The US Federal Aviation Administration is expected to release the findings from an internal review of the 26 light sport aircraft manufacturers that sell the two-seat, fixed-wing aircraft into the US market after upper management completes its review of the document.

Although the report will have recommendations, recent comments by FAA administrator Randy Babbitt at the AirVenture 2009 show in July in Oshkosh, Wisconsin would suggest the five-year-old industry will receive a passing grade. Light sport aircraft are built to ASTM consensus standards that the FAA then accepts in lieu of certification.

Babbitt says that the accident rates for factory-built light sport aircraft "are very compatible with what's goes on in the rest of the general aviation world".

The sentiment was reflected in a response to recent calls by the US National Transportation Safety Board to ground one particular S-LSA, the Zenair CH-601 XL, after fatal accidents that the board says were linked to flutter. In his official response, Babbitt wrote that the FAA lacked "adequate justification" to ground the two-seat low-wing metal aircraft.

"Data indicates the CH-601XL has a safety record similar to other S-LSA and appears capable of safe flight and operations if maintained according to the manufacturer's recommendations," he continued in the response.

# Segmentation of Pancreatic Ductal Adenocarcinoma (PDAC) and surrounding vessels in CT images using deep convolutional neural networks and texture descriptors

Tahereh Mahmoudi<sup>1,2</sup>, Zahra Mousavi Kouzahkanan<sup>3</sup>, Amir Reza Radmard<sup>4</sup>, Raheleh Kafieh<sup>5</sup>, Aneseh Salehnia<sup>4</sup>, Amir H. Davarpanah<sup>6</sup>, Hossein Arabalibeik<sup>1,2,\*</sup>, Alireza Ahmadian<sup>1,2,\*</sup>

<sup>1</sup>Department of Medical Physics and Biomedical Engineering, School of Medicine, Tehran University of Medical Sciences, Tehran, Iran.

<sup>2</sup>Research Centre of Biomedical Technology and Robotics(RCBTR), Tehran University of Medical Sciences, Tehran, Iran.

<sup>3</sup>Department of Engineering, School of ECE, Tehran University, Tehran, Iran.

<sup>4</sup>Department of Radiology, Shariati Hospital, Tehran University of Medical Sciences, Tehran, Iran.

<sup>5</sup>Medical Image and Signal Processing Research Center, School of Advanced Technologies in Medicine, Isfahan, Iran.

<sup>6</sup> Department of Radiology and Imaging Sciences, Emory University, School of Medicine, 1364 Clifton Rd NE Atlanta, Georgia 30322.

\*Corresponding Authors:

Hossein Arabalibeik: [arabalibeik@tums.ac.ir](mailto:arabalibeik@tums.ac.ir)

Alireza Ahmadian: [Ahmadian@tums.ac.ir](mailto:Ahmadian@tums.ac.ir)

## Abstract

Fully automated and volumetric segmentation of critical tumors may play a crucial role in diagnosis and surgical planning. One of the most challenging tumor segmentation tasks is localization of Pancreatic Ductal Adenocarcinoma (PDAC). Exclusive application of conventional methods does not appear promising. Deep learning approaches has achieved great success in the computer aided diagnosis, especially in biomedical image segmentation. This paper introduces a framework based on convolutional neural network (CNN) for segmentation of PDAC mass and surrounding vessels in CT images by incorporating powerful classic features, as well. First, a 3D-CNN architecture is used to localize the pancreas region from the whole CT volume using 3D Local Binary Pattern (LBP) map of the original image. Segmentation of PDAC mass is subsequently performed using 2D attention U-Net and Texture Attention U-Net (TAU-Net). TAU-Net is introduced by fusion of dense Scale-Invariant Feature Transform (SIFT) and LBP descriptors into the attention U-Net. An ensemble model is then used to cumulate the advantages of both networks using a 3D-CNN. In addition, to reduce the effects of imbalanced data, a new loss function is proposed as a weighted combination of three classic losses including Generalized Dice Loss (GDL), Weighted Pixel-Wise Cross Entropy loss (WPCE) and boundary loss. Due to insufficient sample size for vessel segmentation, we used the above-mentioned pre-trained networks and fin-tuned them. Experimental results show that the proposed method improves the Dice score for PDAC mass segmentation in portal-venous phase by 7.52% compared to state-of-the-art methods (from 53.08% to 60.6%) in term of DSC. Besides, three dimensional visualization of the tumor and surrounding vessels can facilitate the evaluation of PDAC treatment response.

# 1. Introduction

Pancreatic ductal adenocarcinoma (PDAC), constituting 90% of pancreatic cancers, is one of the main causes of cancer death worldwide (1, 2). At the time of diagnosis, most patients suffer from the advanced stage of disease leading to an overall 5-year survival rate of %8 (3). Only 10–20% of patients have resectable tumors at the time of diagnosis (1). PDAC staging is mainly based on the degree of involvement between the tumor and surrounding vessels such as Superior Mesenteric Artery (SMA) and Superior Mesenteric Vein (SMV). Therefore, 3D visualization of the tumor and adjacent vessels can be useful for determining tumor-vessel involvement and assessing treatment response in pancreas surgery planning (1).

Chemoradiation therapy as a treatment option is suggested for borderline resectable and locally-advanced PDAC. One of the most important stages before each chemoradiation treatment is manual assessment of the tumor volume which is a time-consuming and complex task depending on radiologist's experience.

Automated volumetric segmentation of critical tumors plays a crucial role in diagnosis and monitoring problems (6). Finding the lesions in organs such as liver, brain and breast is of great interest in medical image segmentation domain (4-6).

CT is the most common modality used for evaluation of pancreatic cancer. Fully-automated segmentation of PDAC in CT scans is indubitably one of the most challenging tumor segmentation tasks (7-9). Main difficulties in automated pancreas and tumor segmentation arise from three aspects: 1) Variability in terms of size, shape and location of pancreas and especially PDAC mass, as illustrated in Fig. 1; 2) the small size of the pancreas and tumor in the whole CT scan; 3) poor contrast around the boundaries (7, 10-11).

According to the FAA, there are 1,101 factory-built fixed-wing S-LSA aircraft registered in the USA, compared with 2,997 fixed-wing LSAs registered as experimental.

Commenting on the progress of the light sport industry in general, Babbitt says: "This is a whole experiment for this category of aircraft where the manufacturers themselves have said 'we are going to design these aircraft, we are going to have statistics and design specs and all of those things people have to follow'.

"And the FAA has said to them as long as you comply with your own high standards then you will be fine. They have done that. I think they have excelled, have succeeded [at meeting] those standards."

"The statistics reflect it. Light sport accidents rates are very compatible with what's goes on in the rest of the general aviation world. So they are doing what they said they would do and the numbers reflect it."

Source: Flight International